Twenty-thousand expatriate Egyptians participated in the first day of voting on the draft constitution, the Egyptian Foreign Ministry announced on Thursday.
The official numbers released in a foreign ministry statement showed that of the 586,000 estimated Egyptians living abroad, 5,832 voters cast ballots in Kuwait, 3,881 in Riyadh, Saudi Arabia, and 3,335 cast ballots in Jeddah, Saudi Arabia. On the whole, 128 Egyptian embassies and consulates worldwide have participated so far.
One of the opposition parties led by former presidential candidate Mohamed El-Baradei released a statement on Thursday claiming "irregularities and violations" during voting in France, Kuwait and Saudi Arabia. One man said when he arrived at his polling place, there was a mark next to his name indicating he had already voted, and the party claimed that the Muslim Brotherhood was distributing leaflets with the logo of the Egyptian Embassy in Saudi Arabia, encouraging people to vote yes.
An assistant foreign minister, Ali al-Eshairy, told the local English-language Al-Masry Al-Youm that the "rumors" about the violations "are baseless."
“The voting process is going smoothly. No embassies have notified the Foreign Ministry of any problems so far,” Eshairy said. “Work has been regular in all 128 embassies and 11 consulates since Wednesday morning.”
Referendum voting will continue for expatriates until Saturday. Voting will take place over two days, Saturday and Dec. 22, in Egypt, however electoral committees are scheduled to begin counting votes as of 8 p.m. Saturday, Al Masry Al-Youm reported.
The referendum is going ahead despite a refusal by a large number of Egyptian judges and diplomats abroad to supervise the vote, including the Egyptian ambassadors to Australia, Finland, Spain and Sri Lanka, Al-Masry Al-Youm said. Earlier in the week, the Muslim Brotherhood-led government announced that, despite the strike, there were enough judges to oversee the referendum.
On Thursday, the head of the Coptic Christian Church, Pope Tawdros II, encouraged his followers to "go and vote" but did not stress whether Copts should vote yes or no, the state-run news agency Al-Ahram reported. Egyptian Copts make up the largest Christian community in the Middle East and are one of Egypt's most oppressed minorities.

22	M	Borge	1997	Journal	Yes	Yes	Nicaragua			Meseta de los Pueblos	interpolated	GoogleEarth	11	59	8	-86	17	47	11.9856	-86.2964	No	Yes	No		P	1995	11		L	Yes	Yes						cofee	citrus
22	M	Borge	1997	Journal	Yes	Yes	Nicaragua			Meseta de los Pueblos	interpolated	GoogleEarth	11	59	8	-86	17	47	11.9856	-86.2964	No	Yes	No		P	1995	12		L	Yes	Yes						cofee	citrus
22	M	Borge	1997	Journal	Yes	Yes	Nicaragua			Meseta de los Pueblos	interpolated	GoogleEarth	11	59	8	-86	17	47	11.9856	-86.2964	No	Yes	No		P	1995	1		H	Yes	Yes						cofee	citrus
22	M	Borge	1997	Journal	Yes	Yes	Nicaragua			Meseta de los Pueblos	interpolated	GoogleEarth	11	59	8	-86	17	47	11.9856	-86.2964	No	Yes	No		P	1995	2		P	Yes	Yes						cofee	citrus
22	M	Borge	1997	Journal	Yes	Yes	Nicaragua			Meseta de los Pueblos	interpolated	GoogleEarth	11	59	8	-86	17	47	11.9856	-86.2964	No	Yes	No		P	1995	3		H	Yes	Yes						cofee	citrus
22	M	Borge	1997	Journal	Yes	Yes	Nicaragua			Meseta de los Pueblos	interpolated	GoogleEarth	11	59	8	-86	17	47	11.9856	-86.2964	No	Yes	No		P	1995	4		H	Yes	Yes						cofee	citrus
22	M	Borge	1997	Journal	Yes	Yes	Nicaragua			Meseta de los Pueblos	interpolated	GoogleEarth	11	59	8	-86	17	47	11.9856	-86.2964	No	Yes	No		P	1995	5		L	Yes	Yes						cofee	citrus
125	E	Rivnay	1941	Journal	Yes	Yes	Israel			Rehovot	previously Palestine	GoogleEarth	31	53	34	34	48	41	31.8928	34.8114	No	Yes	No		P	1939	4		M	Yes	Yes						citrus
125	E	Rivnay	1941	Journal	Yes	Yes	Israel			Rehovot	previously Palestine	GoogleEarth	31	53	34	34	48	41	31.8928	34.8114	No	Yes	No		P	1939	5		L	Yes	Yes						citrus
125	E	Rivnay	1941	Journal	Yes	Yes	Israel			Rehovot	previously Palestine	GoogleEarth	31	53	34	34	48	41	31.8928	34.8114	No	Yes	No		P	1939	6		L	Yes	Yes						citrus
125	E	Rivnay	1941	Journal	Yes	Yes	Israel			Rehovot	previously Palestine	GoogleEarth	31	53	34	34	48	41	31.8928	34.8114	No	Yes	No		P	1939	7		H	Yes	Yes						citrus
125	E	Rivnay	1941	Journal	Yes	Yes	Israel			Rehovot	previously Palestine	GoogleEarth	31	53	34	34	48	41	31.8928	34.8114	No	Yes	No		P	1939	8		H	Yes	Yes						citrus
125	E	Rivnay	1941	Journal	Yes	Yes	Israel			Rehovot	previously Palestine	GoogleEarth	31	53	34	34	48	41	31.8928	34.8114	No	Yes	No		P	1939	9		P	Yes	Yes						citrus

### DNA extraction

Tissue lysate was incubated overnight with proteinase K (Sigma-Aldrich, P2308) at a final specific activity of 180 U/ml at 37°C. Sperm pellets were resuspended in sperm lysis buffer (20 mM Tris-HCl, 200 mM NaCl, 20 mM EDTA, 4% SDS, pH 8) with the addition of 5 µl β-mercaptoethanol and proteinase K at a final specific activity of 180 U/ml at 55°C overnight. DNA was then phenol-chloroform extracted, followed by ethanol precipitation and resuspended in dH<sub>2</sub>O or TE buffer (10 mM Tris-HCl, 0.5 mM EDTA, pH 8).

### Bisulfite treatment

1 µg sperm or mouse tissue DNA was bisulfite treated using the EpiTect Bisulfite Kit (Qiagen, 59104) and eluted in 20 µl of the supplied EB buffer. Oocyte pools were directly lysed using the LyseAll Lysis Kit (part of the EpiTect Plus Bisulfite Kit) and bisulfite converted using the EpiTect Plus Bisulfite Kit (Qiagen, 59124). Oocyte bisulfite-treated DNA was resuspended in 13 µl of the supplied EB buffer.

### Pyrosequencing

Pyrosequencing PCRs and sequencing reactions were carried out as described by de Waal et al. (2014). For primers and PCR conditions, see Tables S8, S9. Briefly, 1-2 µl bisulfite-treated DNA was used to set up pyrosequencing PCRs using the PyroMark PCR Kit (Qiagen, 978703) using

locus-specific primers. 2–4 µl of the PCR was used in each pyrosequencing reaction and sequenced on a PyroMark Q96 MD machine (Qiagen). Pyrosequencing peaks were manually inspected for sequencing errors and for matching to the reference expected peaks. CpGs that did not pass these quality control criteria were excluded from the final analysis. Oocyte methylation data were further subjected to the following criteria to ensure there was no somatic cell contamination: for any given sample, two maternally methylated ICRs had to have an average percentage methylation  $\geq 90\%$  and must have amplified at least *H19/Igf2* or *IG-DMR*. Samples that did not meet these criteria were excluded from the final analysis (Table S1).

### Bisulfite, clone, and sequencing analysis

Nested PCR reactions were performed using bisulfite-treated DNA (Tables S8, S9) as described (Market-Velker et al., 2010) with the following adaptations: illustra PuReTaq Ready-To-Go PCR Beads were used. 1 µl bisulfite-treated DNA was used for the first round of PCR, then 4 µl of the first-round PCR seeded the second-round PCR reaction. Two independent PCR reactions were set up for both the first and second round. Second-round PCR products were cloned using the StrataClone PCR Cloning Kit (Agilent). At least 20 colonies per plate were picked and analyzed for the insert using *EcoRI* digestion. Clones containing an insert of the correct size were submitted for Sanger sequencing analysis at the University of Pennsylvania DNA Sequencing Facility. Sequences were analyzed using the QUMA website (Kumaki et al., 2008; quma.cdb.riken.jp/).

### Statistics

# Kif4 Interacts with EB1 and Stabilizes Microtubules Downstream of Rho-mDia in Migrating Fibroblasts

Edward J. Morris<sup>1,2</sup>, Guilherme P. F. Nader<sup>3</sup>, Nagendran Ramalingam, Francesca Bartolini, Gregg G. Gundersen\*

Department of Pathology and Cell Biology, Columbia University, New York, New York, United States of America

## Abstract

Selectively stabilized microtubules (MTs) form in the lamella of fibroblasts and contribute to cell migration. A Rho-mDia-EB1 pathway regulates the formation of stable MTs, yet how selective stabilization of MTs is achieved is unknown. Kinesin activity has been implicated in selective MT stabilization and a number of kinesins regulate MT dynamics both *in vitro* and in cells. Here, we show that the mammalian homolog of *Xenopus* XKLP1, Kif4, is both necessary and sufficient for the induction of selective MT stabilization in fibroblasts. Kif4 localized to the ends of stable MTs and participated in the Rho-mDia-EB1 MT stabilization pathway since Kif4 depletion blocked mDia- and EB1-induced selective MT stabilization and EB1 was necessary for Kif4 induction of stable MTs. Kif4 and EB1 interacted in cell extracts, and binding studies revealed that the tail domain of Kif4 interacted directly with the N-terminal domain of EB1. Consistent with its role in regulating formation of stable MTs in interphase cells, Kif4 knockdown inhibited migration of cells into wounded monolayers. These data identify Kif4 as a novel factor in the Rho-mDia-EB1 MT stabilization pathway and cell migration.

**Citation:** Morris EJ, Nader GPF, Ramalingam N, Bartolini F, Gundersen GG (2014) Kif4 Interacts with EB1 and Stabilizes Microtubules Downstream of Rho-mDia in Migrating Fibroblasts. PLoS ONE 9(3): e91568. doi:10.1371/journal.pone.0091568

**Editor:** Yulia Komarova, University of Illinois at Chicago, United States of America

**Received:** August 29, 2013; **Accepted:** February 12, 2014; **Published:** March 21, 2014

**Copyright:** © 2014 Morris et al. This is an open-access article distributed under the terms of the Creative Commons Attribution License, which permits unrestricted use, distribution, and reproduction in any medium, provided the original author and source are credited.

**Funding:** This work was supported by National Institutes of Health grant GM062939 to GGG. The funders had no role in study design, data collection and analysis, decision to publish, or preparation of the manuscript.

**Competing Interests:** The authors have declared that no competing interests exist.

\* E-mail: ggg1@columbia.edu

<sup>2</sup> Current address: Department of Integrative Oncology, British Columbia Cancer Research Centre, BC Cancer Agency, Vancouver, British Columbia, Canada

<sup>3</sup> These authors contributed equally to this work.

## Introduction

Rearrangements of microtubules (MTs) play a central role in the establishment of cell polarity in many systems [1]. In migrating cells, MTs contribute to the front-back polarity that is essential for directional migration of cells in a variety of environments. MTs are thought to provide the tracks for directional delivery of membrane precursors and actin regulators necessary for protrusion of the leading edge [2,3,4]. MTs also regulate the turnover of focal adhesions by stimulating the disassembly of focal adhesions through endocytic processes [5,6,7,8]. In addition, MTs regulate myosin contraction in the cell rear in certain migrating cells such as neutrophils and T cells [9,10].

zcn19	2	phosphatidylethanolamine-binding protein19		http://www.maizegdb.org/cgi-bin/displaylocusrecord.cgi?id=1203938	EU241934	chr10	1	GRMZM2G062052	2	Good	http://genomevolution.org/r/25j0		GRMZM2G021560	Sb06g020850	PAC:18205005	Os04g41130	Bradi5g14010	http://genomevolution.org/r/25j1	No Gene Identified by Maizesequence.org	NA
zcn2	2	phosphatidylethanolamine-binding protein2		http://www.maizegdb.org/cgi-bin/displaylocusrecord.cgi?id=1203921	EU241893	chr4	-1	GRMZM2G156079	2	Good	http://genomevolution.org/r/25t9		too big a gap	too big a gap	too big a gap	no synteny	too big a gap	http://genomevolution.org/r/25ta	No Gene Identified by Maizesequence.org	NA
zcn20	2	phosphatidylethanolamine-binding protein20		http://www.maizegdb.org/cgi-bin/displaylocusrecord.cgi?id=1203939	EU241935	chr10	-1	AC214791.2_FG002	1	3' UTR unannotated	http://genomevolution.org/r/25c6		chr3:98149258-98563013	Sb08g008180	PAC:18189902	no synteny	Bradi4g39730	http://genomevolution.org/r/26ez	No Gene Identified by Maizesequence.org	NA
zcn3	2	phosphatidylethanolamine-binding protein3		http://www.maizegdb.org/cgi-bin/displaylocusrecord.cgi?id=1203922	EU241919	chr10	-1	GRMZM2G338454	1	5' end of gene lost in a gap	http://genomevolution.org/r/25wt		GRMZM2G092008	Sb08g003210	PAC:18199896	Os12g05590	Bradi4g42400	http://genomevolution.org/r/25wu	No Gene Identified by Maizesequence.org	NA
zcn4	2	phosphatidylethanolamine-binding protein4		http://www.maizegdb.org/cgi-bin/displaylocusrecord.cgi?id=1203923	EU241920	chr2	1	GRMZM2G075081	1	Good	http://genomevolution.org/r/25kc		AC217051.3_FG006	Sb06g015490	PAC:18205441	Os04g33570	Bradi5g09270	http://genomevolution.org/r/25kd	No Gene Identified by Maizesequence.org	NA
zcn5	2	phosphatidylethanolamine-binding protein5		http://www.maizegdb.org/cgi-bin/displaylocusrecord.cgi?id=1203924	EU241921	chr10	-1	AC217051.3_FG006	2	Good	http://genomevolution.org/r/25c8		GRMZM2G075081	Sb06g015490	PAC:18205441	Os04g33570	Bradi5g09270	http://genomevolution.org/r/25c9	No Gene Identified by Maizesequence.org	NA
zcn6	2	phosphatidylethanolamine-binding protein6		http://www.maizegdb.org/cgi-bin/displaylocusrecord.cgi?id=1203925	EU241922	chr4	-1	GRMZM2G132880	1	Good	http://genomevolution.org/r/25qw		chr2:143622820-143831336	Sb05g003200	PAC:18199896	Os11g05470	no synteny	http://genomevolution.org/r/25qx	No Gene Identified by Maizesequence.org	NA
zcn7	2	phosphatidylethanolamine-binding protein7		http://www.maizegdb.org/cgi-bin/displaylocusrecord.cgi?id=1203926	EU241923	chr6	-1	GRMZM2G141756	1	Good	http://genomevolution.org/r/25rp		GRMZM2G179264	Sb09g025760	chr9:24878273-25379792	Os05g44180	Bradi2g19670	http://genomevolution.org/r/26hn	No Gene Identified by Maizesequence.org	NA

Opposition parties campaigning against the proposed constitution say that the Egyptian Assembly is too heavily dominated by the Muslim Brotherhood and Islamists loyal to them, and, as a result, the draft constitution does not reflect the needs and rights of all Egyptians.
On Thursday, a Muslim Brotherhood spokesman took an opportunity to slam the opposition, telling Al-Masry Al-Youm that "the closer we are to the ballot boxes, the closer they are to the Molotov cocktails."
Egyptian President Mohammed Morsi has called for a "national dialogue" between the parties, ostensibly to touch on the concerns the opposition has, Al-Ahram reported. The talks were to resume on Thursday afternoon local time with a meeting between Morsi and a "committee of experts" to discuss redrafting the more contentious articles of the constitution, which include those relating to women's rights and religious freedom. Much of the opposition, Al-Ahram said, have refused to attend these meetings.
The deep fragmentation and disjointed messages of the National Salvation Front, the opposition's umbrella group, have greatly hindered their efforts to stop the referendum vote from going ahead. On Thursday, both sides announced they would be holding more protests on Friday, the day before in-country voting is scheduled to begin. A spokesman for the 6 April Movement, Ahmed Said, one of the opposition parties, told Reuters there will likely be more violence.
"During the referendum, I believe there will be blood and a lot of antagonism, so it is not right to hold a referendum," Said said.
Maya covers the U.N., Europe, and the Middle East for IBTimes. She joined the company in July 2012 after having previously worked with DNAinfo.com and Gawker.